Genetic and microbiological tools to unravel the mechanism of action of novel anti-tuberculosis new chemical entities

Burke, Christopher E. ORCID: 0000-0003-3933-3403 (2021). Genetic and microbiological tools to unravel the mechanism of action of novel anti-tuberculosis new chemical entities. University of Birmingham. Ph.D.

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Mycobacterium tuberculosis, the causative agent of tuberculosis, is the leading cause of mortality from a single infectious agent. The treatment of this disease is a long and difficult process requiring full patient compliance, otherwise risking a recurrent infection and/or antibiotic resistance. The treatment time of drug susceptible tuberculosis is six months and uses drugs that are tolerable for the patient. Rifampicin resistant tuberculosis and multi-drug resistant tuberculosis treatments rely on drugs that are either poorly tolerated by the patient or have an unknown mechanism of action. Identifying new drugs that could shorten the treatment time of tuberculosis or have reduced side effects is imperative. This thesis focuses on drug discovery with an emphasis on using a target specific high-throughput phenotypic screening to identify potential hits and leads. The resulting hits are then re-examined, using microbiological, genetic, and biochemical techniques to confirm the target protein/complex of the hits. The first project uses a media supplementation assay to identify hits that inhibit amnio acid biosynthesis. These pathways are well-validated using known inhibitors of branched chain amino acid biosynthesis. The second project focuses on a large phenotypic screen designed to identify inhibitors of the protein synthesis pipeline. Finally, the third project uses numerous biochemical assays to assess the interactions of hits selected from an overexpression screen of the Antigen 85 protein, fbpA. The hits were then evaluated using a combination of biochemical assays, microbiological techniques, and whole genome sequencing to confirm the targets of the hit compounds. While the success rate of identifying hits from compound libraries is low in these projects, these methods have all been validated and would be suitable for a more industrialised method of high-throughput screening of compound libraries.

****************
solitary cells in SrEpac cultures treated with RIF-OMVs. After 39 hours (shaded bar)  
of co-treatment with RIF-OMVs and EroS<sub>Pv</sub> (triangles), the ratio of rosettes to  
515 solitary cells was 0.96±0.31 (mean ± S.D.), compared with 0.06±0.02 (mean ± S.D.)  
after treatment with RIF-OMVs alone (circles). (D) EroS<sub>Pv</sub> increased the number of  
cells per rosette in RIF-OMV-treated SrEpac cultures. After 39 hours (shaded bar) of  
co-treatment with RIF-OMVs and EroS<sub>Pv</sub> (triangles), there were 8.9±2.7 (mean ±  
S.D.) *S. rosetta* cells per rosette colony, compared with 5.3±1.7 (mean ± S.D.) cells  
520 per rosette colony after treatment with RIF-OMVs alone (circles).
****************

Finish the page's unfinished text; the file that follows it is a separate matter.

Type of Work: Thesis (Doctorates > Ph.D.)
Award Type: Doctorates > Ph.D.
Licence: All rights reserved
College/Faculty: Colleges (2008 onwards) > College of Life & Environmental Sciences
School or Department: School of Biosciences
Funders: Medical Research Council
Subjects: Q Science > QR Microbiology


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